‘and Made by Bruno Menard, and The Idols of the Age
We strolled past &Made by Bruno Menard (facebook. Pacific Plaza, 9 Scotts Road) on its second night of operation, looking for dessert after a less than satisfactory dinner at Aoki up the road. “Who’s this Bruno?” I’d asked the Frenchman who’d offered a look at the menu. “Oh,” he replied without any apparent eye-rolling,”just a three Michelin-star chef from Japan.”
We settled on the glowing enomatic wine-dispensing machines of Caveau that night, but went back another day to gawk at the sight of a Michelin-starred French chef grilling up burgers.
The burgers we tried (The “B” burger – dry-aged beef, caramelised onions, caper/garlic sauce, comte cheese; and The Three Little Pigs – bacon, pork filet & chorizo patty, shitake mushrooms, Japanese cabbage, Shibazuke pickles, yuzu-kosho mayonnaise), fries, desserts were the best I’ve had in a long time. The flavours of the burgers were balanced and complementary and every component was well-executed down to the brioche bun that was fresh and had a well-buttered underside toasted on the grill. Even the toasted sesame seed sprinklings actually tasted of, erm, freshly toasted sesame seeds.
Dulce de leche is always a sure winner but quickly becomes overwhelming. Here, the sweet-saltiness of the hot caramel lava cake found a good foil in the large scoop of ice-cream covered with crispy cornflake-like paillete feuilletine. We approached (after managing to stop laughing at Frenchmen ridiculing their own accent) the Berry Ze &Made Sundae (&Made soft ice-cream with creme chantilly, red fruit coulis, vanilla crumble, fresh berries, topped with paillete feuilletine) with trepidation, hoping it wouldn’t be a glorified version of McDonalds’ strawberry sundae across the road and available for one-sixth of the price. While retaining the best bits (the soft-serve ice-cream with soft fruit), it blasted the Maccers version clean out of the water with the superior taste of real cream and less processed berries.
Like the interior of the restaurant that was a fun mix-up of retro Japanese quirkiness with the colours of an American diner, the fusion of American, Japanese, and French cuisine was a happy unpretentious union. And the service completed the experience – brisk, well-informed (though i guess the menu is rather small), attentive to every look (no helpless flailing of arms necessary in the main area). Chef Menard came out of the kitchen to do the rounds fairly often.
Meanwhile, finished up Derek Tidball’s Preacher, keep yourself from idols. In addition to idols of the self, there are the idols of the age we live in:
- the idol of success – ambition, fame, drivenness, a desire to be where the action is. To get the fame and numbers, preachers change their message under the guise of being more “seeker sensitive”. But God requires us to be faithful to his word, and it is the sovereign God who alone decides the growth of the fruits of our labour;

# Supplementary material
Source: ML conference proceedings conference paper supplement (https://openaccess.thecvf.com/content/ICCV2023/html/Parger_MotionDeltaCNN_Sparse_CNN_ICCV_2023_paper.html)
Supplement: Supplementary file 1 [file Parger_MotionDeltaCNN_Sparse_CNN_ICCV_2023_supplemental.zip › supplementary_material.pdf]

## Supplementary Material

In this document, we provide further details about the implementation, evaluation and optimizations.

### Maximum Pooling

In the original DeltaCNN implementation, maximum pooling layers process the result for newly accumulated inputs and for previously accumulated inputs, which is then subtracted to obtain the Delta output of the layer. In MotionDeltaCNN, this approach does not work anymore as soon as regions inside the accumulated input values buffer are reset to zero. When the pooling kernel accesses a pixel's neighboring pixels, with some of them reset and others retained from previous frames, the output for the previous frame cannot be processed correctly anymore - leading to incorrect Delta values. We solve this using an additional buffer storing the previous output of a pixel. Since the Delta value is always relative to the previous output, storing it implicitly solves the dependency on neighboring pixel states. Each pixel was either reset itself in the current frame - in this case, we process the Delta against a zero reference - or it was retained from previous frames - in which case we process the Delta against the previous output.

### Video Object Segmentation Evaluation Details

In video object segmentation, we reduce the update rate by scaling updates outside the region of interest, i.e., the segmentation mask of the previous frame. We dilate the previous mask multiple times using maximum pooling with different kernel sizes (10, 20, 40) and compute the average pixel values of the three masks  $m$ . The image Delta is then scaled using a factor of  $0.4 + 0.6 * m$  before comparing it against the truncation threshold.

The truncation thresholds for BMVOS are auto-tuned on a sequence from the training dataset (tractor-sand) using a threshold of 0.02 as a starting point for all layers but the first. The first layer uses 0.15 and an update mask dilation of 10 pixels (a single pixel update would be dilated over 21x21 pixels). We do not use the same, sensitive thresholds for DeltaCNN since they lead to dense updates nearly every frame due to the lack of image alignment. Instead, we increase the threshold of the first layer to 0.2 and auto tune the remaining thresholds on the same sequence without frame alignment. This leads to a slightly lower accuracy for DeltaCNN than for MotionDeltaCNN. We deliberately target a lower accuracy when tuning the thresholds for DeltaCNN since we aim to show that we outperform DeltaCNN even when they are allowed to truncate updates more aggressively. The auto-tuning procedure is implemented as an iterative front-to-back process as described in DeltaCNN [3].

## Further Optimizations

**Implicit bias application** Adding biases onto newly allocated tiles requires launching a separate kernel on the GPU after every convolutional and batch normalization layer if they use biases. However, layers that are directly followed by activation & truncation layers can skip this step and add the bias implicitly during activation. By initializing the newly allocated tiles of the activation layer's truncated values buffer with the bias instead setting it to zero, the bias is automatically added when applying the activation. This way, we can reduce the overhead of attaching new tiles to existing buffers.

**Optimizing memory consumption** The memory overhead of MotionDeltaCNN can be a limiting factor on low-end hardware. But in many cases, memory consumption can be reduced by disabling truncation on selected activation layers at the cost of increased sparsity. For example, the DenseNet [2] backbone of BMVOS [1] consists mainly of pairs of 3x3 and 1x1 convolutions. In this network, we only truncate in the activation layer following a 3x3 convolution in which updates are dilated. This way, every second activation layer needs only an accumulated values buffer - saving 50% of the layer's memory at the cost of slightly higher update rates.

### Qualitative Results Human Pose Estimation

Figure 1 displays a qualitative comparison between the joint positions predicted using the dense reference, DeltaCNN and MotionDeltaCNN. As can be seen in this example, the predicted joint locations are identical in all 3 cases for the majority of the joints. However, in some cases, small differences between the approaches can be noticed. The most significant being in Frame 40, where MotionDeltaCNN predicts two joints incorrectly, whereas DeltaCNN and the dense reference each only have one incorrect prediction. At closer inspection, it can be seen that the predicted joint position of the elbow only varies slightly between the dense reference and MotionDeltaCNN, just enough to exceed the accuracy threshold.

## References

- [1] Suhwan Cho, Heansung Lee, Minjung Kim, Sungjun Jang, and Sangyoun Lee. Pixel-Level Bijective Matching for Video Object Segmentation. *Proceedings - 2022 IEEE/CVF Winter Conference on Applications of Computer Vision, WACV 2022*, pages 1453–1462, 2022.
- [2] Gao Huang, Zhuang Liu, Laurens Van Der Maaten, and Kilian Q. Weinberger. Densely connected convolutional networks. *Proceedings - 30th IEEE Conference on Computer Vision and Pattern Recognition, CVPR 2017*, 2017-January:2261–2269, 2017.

- the idol of entertainment – everything now is seen in terms of its entertainment value. It is tempting to view preaching in the same way. Though preachers must learn to communicate effectively to a contemporary audience, it is not the latest gimmick that will captivate the audience but the word of God which pierces hearts;
- the idol of novelty – sometimes the preacher thinks he has read this passage so many times that he is bored of it and tries to find some fresh novel angle, perhaps so people won’t think of him as a boring talker without fresh content. But as a messenger of God’s words in the Bible, that is not his job. While he should express old truths in new ways and apply “timeless” revelation in timely ways, he is not to dwell on what God has not made the main point of his word;
- the idol of secularisation: mission being superseded by aid and development work, eternal divine authority supplanted by what I think is right, sin translated to sickness, true needs dislodged by our felt needs, serving neighbour supplanted by self-centred individualism; the church as a Christ-focused community replaced by a social club of insiders, salvation as a matter of psychological integration or material comfort, godliness ousted by comfort, holiness traded-in for the feel-good factor, eschatology has become human progress, eternity smothered by the temporal, etc
Then, i suppose, mostly applicable to pastor-teachers, the idols of the task:
- the idol of oratory – think Barack Obama. Paul refused to use techniques to induce belief in his listeners. But this does not mean he merely discussed repentance; rather he persuaded them to repent. Oratory does not create faith in listeners, the Holy Spirit does. But this does not mean that the preacher should not work hard at making his message understood and persuasive;
- the idol of immediacy – expecting and requiring the listeners to respond to the call to repentance immediately. “Altar calls”, the raising of hands in response are mostly for the benefit of the preacher who wants to feel good about himself and see evidence of his own ability to persuade others. But the Spirit works on his own time; and
and the idols of the ministry:
- the idol of professionalism – preachers should aim to be professionals in the sense of having a mastery of God’s word, having imbibed it deeply, studied it regularly and submitted to it obediently, but not that they are superior to it or sterile in relating to others, making the service of God an end in itself;
- the idol of busyness – the preacher needs to be committed to working at the text and doing the hard work of preparing his sermons, not excuse his superficial out-of-the-hat preaching because of the busyness of running the church;
- the idol of familiarity – the danger of trivalising the important, of handling God’s truth with cynicism, of creating hype and making wild promises that God never made.